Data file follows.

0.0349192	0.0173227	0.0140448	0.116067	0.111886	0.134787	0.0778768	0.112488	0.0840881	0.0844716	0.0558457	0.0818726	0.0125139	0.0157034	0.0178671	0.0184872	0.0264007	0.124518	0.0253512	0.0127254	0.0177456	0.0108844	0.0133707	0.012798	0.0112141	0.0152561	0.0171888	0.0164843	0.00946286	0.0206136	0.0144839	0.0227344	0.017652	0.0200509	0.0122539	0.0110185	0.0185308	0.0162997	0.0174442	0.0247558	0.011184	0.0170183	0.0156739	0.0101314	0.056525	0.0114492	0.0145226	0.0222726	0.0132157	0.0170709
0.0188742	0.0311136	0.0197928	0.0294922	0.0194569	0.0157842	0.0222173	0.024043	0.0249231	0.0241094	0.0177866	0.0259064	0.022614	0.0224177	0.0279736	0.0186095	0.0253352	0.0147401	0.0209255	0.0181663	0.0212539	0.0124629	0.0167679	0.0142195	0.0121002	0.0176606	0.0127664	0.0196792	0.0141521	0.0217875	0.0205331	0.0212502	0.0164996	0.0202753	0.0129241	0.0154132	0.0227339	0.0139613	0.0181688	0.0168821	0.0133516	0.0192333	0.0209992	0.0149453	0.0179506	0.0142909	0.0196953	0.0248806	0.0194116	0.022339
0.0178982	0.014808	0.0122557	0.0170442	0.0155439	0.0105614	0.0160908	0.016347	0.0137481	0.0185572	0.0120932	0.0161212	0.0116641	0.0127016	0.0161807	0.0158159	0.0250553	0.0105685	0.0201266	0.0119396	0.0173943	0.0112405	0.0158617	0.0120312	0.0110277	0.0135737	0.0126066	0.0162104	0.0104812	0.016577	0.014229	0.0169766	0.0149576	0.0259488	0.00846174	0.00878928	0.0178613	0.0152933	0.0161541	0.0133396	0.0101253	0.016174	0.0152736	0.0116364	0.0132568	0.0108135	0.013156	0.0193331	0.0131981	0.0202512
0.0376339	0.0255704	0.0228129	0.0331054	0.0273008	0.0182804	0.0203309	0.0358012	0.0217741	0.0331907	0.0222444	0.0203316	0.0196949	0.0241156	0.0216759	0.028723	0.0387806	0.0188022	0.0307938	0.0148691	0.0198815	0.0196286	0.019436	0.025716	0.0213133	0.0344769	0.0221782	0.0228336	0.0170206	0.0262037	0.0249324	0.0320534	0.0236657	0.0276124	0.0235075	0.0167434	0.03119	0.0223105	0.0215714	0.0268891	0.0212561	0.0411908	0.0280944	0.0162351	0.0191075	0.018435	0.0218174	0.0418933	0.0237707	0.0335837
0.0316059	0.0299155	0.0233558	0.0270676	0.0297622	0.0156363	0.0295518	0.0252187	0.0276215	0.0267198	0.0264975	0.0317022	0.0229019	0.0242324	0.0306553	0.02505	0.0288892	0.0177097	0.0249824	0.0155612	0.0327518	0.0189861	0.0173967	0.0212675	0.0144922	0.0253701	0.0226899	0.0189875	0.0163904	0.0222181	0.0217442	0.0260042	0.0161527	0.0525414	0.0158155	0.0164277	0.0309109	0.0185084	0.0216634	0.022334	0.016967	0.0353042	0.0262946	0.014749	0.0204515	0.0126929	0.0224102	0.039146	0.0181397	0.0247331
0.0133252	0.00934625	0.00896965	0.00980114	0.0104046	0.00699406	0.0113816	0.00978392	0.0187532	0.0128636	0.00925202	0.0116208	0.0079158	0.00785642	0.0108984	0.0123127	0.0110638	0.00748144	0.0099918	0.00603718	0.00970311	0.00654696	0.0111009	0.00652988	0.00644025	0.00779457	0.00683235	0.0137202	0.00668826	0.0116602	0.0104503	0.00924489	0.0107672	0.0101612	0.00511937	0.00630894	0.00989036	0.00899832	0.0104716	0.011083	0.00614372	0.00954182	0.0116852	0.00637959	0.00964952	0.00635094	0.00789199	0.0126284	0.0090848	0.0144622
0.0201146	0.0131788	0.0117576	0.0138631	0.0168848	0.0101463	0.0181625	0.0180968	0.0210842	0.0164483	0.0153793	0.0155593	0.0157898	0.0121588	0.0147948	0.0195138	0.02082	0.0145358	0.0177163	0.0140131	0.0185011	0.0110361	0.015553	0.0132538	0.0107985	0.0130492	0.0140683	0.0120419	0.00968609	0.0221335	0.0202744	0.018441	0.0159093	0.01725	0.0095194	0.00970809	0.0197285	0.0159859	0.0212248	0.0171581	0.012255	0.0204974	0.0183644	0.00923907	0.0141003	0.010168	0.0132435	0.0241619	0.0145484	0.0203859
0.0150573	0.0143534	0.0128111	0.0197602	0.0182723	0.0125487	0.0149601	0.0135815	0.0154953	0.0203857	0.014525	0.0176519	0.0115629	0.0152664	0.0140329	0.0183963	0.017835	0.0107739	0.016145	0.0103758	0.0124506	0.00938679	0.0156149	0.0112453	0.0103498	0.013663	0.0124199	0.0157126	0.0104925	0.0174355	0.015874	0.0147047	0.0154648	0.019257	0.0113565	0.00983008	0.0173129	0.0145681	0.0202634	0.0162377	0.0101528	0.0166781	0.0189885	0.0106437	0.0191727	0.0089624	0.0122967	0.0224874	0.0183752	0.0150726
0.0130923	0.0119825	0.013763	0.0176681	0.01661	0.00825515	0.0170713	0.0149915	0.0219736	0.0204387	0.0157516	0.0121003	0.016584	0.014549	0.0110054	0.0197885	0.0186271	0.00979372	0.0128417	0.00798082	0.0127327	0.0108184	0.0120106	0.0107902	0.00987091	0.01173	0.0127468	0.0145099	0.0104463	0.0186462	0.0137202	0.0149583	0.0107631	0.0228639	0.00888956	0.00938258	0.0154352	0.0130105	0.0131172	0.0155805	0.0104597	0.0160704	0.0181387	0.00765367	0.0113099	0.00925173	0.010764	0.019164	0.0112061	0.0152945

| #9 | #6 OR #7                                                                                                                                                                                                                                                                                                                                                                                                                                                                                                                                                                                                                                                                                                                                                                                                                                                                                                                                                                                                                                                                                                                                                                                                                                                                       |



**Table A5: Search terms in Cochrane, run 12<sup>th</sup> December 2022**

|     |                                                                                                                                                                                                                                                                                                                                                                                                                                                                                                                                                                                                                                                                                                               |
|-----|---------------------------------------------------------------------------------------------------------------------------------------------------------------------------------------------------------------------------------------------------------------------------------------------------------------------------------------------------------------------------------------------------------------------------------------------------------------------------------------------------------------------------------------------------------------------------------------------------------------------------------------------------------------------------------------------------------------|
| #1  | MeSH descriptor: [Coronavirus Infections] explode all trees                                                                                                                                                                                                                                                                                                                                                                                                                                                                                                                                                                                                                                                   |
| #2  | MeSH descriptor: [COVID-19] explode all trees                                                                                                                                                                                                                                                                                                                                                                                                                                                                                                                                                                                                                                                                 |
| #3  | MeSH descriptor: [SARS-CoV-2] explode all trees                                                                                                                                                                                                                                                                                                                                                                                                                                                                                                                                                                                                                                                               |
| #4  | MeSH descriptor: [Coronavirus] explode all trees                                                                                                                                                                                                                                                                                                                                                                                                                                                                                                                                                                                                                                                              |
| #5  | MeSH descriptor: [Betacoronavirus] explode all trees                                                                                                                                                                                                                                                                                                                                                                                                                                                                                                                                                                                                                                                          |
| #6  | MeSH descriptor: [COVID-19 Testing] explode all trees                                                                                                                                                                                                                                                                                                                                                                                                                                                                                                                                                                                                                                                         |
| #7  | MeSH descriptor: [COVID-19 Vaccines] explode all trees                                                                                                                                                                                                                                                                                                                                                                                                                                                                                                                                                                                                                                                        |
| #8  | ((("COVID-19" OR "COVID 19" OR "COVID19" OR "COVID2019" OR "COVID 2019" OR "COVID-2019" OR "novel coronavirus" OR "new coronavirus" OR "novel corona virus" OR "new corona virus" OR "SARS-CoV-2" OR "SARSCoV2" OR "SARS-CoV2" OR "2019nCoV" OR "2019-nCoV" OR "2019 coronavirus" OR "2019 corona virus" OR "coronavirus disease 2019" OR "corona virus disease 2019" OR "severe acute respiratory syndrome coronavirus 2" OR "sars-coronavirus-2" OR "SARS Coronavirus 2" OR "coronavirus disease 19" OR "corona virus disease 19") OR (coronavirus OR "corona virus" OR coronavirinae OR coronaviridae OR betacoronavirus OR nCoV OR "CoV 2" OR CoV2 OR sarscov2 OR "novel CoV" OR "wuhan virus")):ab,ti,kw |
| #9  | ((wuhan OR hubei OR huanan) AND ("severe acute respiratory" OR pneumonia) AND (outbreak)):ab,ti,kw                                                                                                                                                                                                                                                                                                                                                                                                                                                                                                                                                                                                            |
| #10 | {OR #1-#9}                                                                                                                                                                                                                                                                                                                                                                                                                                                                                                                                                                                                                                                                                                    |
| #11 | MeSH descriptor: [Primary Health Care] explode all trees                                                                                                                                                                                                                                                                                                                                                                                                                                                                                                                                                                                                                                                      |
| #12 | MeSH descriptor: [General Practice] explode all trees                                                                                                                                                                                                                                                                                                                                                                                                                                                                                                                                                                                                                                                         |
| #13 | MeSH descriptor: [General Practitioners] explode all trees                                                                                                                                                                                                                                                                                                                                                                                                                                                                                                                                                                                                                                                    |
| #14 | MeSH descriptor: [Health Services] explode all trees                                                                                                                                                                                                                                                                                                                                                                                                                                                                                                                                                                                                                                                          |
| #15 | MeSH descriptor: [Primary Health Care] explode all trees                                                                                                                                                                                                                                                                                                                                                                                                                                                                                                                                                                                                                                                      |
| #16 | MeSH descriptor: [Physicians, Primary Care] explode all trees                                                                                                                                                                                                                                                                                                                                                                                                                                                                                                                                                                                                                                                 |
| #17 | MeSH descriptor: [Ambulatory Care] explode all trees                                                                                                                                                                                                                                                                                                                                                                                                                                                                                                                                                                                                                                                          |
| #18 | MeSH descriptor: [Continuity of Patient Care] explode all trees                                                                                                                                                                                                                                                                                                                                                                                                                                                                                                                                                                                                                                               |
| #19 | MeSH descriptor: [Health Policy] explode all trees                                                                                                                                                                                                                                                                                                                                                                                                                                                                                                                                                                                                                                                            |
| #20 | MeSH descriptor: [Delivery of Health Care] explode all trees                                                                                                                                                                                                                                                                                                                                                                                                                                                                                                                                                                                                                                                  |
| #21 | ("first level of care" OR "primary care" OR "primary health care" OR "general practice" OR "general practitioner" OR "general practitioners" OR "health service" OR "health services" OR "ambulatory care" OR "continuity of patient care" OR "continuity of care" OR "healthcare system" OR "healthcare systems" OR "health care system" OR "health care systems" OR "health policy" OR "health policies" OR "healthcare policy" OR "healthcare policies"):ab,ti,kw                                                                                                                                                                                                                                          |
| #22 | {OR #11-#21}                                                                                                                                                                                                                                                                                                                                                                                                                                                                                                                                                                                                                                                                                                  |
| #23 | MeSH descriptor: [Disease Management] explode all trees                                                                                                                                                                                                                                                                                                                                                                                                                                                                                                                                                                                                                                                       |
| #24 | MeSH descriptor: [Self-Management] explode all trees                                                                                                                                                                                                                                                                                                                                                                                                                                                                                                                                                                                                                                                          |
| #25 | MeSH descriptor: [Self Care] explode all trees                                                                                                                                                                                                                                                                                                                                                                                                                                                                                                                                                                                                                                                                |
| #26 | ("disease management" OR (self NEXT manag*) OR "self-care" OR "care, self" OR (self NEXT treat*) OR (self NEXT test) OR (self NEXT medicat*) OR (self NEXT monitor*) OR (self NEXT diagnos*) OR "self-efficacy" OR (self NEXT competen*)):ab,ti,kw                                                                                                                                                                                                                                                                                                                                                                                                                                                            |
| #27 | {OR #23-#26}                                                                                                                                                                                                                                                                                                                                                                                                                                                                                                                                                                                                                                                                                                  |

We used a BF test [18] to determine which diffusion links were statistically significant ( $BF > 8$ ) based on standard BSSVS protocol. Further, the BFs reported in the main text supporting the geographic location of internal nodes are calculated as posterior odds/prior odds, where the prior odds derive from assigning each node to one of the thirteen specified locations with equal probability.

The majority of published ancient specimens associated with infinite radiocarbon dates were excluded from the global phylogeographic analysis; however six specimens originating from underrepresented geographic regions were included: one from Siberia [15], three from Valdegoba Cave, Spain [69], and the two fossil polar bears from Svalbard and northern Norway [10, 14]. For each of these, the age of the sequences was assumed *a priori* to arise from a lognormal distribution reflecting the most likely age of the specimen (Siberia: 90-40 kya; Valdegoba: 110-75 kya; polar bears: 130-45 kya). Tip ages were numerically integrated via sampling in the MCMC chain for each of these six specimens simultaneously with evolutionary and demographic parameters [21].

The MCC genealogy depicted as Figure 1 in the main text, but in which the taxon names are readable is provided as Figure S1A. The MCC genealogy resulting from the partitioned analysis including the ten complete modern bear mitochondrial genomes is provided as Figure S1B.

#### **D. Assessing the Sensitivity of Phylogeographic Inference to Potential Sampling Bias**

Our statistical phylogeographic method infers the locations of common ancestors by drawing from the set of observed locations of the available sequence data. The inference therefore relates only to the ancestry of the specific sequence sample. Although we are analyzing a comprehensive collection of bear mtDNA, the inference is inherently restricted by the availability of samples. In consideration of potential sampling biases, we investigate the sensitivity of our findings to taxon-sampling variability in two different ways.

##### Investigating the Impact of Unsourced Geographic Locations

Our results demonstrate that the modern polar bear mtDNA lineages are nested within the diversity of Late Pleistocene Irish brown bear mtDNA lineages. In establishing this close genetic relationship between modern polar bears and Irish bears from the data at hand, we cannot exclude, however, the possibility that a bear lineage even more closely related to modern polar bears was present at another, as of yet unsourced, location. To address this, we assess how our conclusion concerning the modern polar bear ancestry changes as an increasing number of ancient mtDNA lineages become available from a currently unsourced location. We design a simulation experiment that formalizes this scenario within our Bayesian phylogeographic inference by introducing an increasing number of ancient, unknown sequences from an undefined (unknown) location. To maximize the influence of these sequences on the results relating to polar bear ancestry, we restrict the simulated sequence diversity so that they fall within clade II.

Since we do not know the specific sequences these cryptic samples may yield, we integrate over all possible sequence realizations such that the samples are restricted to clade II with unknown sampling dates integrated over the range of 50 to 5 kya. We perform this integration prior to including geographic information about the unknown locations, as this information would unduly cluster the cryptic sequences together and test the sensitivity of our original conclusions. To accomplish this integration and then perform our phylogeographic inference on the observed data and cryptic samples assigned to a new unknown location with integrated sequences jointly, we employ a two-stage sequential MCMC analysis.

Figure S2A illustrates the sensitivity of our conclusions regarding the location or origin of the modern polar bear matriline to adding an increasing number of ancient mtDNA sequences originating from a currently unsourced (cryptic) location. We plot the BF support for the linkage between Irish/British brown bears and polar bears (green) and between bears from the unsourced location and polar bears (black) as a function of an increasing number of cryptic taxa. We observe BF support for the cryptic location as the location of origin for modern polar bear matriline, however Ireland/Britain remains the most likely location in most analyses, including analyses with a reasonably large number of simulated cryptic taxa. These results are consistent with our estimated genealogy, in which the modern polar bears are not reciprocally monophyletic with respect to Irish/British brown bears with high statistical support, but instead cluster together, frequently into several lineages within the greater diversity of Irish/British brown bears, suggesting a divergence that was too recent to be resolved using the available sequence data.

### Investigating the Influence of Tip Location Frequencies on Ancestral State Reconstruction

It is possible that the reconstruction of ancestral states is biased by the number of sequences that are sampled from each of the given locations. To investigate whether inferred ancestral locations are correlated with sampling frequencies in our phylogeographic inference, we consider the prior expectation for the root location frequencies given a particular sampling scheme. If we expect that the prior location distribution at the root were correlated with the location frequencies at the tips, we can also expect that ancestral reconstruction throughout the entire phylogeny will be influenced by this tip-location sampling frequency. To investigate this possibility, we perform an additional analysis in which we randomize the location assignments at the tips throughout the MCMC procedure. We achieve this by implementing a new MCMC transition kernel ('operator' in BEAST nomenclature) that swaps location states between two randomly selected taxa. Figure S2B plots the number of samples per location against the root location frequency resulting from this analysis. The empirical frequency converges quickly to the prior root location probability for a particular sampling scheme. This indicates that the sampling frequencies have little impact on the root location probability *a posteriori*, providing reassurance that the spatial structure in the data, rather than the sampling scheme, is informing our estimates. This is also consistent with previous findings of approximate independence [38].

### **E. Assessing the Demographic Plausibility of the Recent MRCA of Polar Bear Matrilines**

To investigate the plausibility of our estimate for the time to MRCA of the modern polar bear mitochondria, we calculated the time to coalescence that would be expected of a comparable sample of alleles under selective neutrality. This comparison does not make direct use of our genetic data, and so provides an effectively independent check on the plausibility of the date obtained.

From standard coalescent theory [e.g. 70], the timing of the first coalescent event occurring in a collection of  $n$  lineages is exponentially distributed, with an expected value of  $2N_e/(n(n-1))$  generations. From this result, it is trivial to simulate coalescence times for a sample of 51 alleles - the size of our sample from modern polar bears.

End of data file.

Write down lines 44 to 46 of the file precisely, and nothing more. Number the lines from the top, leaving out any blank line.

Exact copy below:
#### **D. Assessing the Sensitivity of Phylogeographic Inference to Potential Sampling Bias**

Our statistical phylogeographic method infers the locations of common ancestors by drawing from the set of observed locations of the available sequence data. The inference therefore relates only to the ancestry of the specific sequence sample. Although we are analyzing a comprehensive collection of bear mtDNA, the inference is inherently restricted by the availability of samples. In consideration of potential sampling biases, we investigate the sensitivity of our findings to taxon-sampling variability in two different ways.

##### Investigating the Impact of Unsourced Geographic Locations